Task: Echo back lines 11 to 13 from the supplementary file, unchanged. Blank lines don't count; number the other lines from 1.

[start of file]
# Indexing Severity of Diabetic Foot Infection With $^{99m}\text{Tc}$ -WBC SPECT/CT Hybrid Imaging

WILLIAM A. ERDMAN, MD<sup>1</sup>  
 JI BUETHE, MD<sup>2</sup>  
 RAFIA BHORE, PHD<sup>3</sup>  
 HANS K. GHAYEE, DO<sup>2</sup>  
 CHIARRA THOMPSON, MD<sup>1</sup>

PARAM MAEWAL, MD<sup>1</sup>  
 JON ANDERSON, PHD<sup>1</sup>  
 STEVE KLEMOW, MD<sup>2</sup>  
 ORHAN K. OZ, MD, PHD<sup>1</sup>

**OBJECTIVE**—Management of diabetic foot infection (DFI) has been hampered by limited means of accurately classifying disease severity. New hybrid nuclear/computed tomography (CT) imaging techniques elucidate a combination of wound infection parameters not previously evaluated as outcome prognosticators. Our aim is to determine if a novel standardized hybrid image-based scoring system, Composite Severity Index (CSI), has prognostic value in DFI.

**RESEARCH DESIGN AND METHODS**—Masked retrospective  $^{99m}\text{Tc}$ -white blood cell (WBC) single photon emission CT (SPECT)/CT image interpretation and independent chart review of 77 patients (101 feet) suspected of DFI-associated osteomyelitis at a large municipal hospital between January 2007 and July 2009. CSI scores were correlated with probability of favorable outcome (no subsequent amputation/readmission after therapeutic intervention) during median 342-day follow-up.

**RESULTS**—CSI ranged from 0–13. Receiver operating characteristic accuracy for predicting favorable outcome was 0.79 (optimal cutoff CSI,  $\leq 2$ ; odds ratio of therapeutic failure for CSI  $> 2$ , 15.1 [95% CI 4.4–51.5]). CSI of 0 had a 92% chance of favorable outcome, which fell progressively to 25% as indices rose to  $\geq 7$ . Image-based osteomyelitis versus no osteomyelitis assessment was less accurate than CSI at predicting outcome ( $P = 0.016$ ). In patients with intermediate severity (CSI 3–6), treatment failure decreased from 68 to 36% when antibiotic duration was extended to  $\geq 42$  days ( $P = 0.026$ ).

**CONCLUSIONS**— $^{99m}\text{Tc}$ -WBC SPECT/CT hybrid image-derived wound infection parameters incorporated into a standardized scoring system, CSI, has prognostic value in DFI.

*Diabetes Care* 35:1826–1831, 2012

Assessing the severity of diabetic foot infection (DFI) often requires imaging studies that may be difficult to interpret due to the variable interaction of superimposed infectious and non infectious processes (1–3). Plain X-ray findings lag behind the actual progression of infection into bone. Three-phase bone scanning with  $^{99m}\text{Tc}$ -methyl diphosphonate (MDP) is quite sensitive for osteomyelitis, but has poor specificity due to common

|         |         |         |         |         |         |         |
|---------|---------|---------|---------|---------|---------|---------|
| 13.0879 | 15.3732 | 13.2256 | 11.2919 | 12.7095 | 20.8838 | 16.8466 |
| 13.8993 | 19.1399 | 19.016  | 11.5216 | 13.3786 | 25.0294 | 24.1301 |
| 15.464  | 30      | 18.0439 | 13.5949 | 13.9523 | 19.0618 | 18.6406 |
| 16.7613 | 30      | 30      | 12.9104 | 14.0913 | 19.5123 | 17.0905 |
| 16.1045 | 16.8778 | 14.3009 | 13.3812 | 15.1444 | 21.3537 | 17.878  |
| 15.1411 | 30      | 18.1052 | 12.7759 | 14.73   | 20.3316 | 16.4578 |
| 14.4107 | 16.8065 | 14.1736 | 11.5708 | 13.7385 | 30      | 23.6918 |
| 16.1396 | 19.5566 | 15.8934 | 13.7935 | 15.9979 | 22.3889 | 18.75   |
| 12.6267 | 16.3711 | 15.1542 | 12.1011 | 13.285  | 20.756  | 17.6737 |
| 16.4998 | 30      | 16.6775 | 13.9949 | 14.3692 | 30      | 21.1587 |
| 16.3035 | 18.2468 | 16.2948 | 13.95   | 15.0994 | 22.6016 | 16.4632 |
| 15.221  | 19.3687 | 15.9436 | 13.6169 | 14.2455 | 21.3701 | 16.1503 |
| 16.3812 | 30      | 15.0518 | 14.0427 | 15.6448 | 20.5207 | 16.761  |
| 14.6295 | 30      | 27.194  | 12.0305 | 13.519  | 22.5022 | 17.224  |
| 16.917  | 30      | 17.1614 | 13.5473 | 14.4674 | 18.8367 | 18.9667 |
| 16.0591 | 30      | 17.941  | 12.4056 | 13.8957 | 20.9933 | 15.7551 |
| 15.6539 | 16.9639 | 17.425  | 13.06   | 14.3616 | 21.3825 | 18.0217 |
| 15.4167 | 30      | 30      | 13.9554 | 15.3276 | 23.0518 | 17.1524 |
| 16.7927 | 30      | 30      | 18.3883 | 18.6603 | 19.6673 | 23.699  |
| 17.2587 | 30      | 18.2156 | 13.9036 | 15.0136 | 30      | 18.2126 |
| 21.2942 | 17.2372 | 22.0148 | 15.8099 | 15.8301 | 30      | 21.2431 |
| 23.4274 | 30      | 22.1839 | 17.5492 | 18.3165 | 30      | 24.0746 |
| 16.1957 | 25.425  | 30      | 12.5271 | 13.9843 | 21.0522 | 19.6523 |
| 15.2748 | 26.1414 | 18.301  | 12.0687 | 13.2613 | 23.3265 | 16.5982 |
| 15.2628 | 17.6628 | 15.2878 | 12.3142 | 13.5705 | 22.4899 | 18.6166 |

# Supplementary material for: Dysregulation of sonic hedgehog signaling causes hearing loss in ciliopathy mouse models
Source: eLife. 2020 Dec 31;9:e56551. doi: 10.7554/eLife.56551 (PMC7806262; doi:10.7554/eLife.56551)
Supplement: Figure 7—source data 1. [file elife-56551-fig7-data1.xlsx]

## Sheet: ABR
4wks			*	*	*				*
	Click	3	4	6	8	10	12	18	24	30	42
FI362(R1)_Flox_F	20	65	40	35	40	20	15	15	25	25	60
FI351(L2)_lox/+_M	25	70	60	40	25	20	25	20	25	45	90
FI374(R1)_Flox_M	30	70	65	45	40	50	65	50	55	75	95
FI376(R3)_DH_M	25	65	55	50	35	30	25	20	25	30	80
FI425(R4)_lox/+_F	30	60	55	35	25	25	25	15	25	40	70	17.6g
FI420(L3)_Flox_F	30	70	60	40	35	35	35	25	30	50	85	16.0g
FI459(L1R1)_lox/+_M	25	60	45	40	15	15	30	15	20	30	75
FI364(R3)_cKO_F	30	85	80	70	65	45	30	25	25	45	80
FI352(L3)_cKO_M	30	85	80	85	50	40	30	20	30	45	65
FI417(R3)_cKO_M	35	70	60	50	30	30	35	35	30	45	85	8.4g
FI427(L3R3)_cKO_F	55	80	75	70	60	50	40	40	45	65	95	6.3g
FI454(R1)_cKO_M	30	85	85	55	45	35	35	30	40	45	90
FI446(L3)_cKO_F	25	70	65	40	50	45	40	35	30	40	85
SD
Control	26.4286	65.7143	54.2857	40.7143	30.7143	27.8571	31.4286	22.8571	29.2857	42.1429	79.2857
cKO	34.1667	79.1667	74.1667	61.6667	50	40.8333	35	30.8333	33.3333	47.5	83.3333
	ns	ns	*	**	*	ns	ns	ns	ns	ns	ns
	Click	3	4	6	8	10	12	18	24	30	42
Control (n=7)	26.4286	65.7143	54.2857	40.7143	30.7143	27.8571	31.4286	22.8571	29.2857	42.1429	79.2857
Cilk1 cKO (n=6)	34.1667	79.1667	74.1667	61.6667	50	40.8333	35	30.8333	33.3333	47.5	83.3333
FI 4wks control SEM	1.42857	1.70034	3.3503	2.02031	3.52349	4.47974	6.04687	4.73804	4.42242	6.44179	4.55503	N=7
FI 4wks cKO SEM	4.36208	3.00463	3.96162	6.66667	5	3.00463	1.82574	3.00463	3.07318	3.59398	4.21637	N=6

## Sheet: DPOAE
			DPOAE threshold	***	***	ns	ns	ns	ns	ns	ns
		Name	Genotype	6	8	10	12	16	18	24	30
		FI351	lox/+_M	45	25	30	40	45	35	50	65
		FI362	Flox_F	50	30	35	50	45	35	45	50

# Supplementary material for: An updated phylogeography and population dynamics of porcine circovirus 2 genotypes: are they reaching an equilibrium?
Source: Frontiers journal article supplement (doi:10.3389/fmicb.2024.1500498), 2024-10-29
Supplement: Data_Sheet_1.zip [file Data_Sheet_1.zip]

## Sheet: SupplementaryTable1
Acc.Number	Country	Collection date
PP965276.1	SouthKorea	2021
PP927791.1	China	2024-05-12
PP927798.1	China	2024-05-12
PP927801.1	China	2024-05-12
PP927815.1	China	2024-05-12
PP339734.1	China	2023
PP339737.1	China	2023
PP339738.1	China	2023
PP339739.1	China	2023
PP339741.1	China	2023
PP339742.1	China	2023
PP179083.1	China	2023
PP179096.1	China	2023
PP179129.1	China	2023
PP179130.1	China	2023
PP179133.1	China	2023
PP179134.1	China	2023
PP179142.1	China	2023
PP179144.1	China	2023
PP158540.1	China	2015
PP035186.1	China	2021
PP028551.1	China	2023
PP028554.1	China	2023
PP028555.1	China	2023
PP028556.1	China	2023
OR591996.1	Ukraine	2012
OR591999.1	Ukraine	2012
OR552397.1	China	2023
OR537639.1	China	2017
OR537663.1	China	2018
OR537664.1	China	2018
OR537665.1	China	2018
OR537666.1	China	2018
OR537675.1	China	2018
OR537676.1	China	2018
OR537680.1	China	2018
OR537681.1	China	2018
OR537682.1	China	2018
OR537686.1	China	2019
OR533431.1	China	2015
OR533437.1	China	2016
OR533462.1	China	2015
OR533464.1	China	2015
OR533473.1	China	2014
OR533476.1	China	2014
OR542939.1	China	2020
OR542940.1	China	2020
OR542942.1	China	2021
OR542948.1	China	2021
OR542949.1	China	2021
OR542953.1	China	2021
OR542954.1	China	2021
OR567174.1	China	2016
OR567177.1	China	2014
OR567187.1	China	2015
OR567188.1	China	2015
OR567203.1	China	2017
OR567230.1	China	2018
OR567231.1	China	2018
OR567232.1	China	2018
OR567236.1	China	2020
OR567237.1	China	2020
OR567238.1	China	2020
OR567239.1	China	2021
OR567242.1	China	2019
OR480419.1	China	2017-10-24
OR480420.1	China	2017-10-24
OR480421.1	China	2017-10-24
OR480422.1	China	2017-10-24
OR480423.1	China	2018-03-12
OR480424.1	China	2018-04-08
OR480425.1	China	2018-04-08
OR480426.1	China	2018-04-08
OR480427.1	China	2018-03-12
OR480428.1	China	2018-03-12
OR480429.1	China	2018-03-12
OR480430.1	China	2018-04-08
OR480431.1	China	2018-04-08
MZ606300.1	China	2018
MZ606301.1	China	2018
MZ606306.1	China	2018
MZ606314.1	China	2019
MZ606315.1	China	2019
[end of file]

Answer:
**OBJECTIVE**—Management of diabetic foot infection (DFI) has been hampered by limited means of accurately classifying disease severity. New hybrid nuclear/computed tomography (CT) imaging techniques elucidate a combination of wound infection parameters not previously evaluated as outcome prognosticators. Our aim is to determine if a novel standardized hybrid image-based scoring system, Composite Severity Index (CSI), has prognostic value in DFI.

**RESEARCH DESIGN AND METHODS**—Masked retrospective  $^{99m}\text{Tc}$ -white blood cell (WBC) single photon emission CT (SPECT)/CT image interpretation and independent chart review of 77 patients (101 feet) suspected of DFI-associated osteomyelitis at a large municipal hospital between January 2007 and July 2009. CSI scores were correlated with probability of favorable outcome (no subsequent amputation/readmission after therapeutic intervention) during median 342-day follow-up.

**RESULTS**—CSI ranged from 0–13. Receiver operating characteristic accuracy for predicting favorable outcome was 0.79 (optimal cutoff CSI,  $\leq 2$ ; odds ratio of therapeutic failure for CSI  $> 2$ , 15.1 [95% CI 4.4–51.5]). CSI of 0 had a 92% chance of favorable outcome, which fell progressively to 25% as indices rose to  $\geq 7$ . Image-based osteomyelitis versus no osteomyelitis assessment was less accurate than CSI at predicting outcome ( $P = 0.016$ ). In patients with intermediate severity (CSI 3–6), treatment failure decreased from 68 to 36% when antibiotic duration was extended to  $\geq 42$  days ( $P = 0.026$ ).